GARLAND — After the next mayoral election in Garland, residents will not have to wait four years to select a new leader.
During a Tuesday night meeting, Garland Commissioners approved a charter amendment to change the mayoral term to two years. It was previously four. The decision followed a public hearing in January, which was a result of debate between commissioners in 2015. Mayor Pro Tem Haywood Johnson and Commissioner Ralph Smith requested the change. Their reasoning was to give residents a chance to select a new leader if they were not satisfied with the mayor’s actions.
Commissioner Judy C. Smith made a statement regarding the mayoral term and voted against it. She wants it to be consistent with other commissioner terms, which are four years. She expressed her thoughts for the record.
“I’d like for the citizens of Garland to know that I have no problem with changing the term of mayor to two years as recommended by the majority of commissioners,” Smith said. “However, I do feel that the commissioner term needs to be consistent with the mayoral term needs to be consistent for the reasons given being that it gives the citizens of Garland an increased opportunity to vacate an individual from a position of service, I feel the same to be true of the commissioner seat as well, and believe it to be in order that both commissioner and mayoral terms be consistent.”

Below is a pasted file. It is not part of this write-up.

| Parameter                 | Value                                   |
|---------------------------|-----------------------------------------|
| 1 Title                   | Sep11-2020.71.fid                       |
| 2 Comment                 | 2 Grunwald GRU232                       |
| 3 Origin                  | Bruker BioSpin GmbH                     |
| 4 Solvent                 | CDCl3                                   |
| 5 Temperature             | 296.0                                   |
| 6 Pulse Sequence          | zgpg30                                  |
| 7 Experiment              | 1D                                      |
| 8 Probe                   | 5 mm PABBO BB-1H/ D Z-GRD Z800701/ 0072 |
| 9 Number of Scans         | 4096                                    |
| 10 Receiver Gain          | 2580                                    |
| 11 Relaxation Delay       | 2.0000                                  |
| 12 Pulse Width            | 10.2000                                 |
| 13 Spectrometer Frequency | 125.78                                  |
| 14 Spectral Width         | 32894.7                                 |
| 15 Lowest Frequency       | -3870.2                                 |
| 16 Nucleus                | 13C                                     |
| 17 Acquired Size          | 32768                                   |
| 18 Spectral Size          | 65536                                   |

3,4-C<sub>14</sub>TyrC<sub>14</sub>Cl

Mayor Winifred Murphy, who was not present, also disagrees with the change since Garland is such a small town without a manager, which leaves commissioners having to deal with infrastructure needs. She believes a couple of years is not enough for a mayor to accomplish things. Murphy believes “the importance of collective visioning, continuity of services, and long-range planning will be compromised.”
Garland’s mayor-council government consists of one mayor and five commissioners. One member serves as mayor pro tem. Officials on the council serve four-year terms.
Town Clerk Pamela Cashwell said information about the new adoption will be published and will be in full force after Tuesday, Feb. 9, 2016. It will be the basis for the election in 2017. Previously, Murphy stated that she does not plan to run for another term, which expires in 2017. She was elected in 2013.
“As mayor, it is always my goal to provide leadership that will best serve the town and it is my desire for mayors after my tenure to have consistent and stable leadership,” said Murphy previously about the mayoral term.
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